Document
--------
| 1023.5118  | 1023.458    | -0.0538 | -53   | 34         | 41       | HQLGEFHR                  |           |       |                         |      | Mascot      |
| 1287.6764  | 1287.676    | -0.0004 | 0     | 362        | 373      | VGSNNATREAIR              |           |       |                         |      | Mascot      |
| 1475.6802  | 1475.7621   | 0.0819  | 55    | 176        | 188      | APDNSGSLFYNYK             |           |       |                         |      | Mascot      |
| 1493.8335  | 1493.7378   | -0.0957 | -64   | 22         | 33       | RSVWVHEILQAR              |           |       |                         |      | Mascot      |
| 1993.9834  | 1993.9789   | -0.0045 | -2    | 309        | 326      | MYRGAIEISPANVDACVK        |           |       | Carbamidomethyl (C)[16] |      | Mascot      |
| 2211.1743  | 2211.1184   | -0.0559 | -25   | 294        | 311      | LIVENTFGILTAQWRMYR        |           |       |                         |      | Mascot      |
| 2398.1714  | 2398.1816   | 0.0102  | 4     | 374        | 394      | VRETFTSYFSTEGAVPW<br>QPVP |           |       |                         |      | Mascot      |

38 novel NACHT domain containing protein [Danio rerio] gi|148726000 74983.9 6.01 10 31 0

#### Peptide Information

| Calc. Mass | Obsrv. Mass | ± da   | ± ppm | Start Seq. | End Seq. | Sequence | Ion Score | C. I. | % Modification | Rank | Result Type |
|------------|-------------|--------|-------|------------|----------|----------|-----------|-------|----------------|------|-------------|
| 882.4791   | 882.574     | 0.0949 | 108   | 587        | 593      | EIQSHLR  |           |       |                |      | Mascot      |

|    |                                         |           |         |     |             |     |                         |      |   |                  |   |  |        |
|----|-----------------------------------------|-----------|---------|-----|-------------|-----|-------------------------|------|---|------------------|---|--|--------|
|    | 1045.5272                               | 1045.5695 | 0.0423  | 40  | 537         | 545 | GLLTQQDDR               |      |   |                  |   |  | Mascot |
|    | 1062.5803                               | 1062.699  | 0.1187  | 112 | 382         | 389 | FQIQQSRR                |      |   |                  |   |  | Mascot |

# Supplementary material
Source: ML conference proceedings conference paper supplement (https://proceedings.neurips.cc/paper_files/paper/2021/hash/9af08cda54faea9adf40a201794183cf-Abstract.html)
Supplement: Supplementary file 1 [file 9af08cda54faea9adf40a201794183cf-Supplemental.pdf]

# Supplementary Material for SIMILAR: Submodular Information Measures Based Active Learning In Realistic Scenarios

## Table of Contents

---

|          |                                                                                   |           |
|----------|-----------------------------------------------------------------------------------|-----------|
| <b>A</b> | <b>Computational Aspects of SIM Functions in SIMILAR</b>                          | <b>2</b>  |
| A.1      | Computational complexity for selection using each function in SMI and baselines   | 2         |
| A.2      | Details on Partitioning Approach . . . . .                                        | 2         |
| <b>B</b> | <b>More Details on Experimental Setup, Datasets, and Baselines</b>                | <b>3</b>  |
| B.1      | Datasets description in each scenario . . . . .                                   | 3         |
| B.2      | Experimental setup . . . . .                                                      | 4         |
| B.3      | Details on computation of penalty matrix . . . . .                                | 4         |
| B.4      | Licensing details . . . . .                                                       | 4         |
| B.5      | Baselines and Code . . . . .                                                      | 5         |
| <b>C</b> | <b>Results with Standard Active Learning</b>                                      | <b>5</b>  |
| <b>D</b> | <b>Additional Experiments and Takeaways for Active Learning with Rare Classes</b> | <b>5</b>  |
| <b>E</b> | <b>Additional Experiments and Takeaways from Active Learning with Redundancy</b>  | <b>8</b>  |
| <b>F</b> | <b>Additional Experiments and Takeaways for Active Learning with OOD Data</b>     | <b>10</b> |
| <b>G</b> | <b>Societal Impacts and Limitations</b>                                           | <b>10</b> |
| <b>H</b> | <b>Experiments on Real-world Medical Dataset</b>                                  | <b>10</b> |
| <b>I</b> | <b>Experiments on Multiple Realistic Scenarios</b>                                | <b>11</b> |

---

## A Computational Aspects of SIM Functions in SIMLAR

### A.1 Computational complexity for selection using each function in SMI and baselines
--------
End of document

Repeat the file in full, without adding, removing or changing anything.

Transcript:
| 1023.5118  | 1023.458    | -0.0538 | -53   | 34         | 41       | HQLGEFHR                  |           |       |                         |      | Mascot      |
| 1287.6764  | 1287.676    | -0.0004 | 0     | 362        | 373      | VGSNNATREAIR              |           |       |                         |      | Mascot      |
| 1475.6802  | 1475.7621   | 0.0819  | 55    | 176        | 188      | APDNSGSLFYNYK             |           |       |                         |      | Mascot      |
| 1493.8335  | 1493.7378   | -0.0957 | -64   | 22         | 33       | RSVWVHEILQAR              |           |       |                         |      | Mascot      |
| 1993.9834  | 1993.9789   | -0.0045 | -2    | 309        | 326      | MYRGAIEISPANVDACVK        |           |       | Carbamidomethyl (C)[16] |      | Mascot      |
| 2211.1743  | 2211.1184   | -0.0559 | -25   | 294        | 311      | LIVENTFGILTAQWRMYR        |           |       |                         |      | Mascot      |
| 2398.1714  | 2398.1816   | 0.0102  | 4     | 374        | 394      | VRETFTSYFSTEGAVPW<br>QPVP |           |       |                         |      | Mascot      |

38 novel NACHT domain containing protein [Danio rerio] gi|148726000 74983.9 6.01 10 31 0

#### Peptide Information

| Calc. Mass | Obsrv. Mass | ± da   | ± ppm | Start Seq. | End Seq. | Sequence | Ion Score | C. I. | % Modification | Rank | Result Type |
|------------|-------------|--------|-------|------------|----------|----------|-----------|-------|----------------|------|-------------|
| 882.4791   | 882.574     | 0.0949 | 108   | 587        | 593      | EIQSHLR  |           |       |                |      | Mascot      |

|    |                                         |           |         |     |             |     |                         |      |   |                  |   |  |        |
|----|-----------------------------------------|-----------|---------|-----|-------------|-----|-------------------------|------|---|------------------|---|--|--------|
|    | 1045.5272                               | 1045.5695 | 0.0423  | 40  | 537         | 545 | GLLTQQDDR               |      |   |                  |   |  | Mascot |
|    | 1062.5803                               | 1062.699  | 0.1187  | 112 | 382         | 389 | FQIQQSRR                |      |   |                  |   |  | Mascot |

# Supplementary material
Source: ML conference proceedings conference paper supplement (https://proceedings.neurips.cc/paper_files/paper/2021/hash/9af08cda54faea9adf40a201794183cf-Abstract.html)
Supplement: Supplementary file 1 [file 9af08cda54faea9adf40a201794183cf-Supplemental.pdf]

# Supplementary Material for SIMILAR: Submodular Information Measures Based Active Learning In Realistic Scenarios

## Table of Contents

---

|          |                                                                                   |           |
|----------|-----------------------------------------------------------------------------------|-----------|
| <b>A</b> | <b>Computational Aspects of SIM Functions in SIMILAR</b>                          | <b>2</b>  |
| A.1      | Computational complexity for selection using each function in SMI and baselines   | 2         |
| A.2      | Details on Partitioning Approach . . . . .                                        | 2         |
| <b>B</b> | <b>More Details on Experimental Setup, Datasets, and Baselines</b>                | <b>3</b>  |
| B.1      | Datasets description in each scenario . . . . .                                   | 3         |
| B.2      | Experimental setup . . . . .                                                      | 4         |
| B.3      | Details on computation of penalty matrix . . . . .                                | 4         |
| B.4      | Licensing details . . . . .                                                       | 4         |
| B.5      | Baselines and Code . . . . .                                                      | 5         |
| <b>C</b> | <b>Results with Standard Active Learning</b>                                      | <b>5</b>  |
| <b>D</b> | <b>Additional Experiments and Takeaways for Active Learning with Rare Classes</b> | <b>5</b>  |
| <b>E</b> | <b>Additional Experiments and Takeaways from Active Learning with Redundancy</b>  | <b>8</b>  |
| <b>F</b> | <b>Additional Experiments and Takeaways for Active Learning with OOD Data</b>     | <b>10</b> |
| <b>G</b> | <b>Societal Impacts and Limitations</b>                                           | <b>10</b> |
| <b>H</b> | <b>Experiments on Real-world Medical Dataset</b>                                  | <b>10</b> |
| <b>I</b> | <b>Experiments on Multiple Realistic Scenarios</b>                                | <b>11</b> |

---

## A Computational Aspects of SIM Functions in SIMLAR

### A.1 Computational complexity for selection using each function in SMI and baselines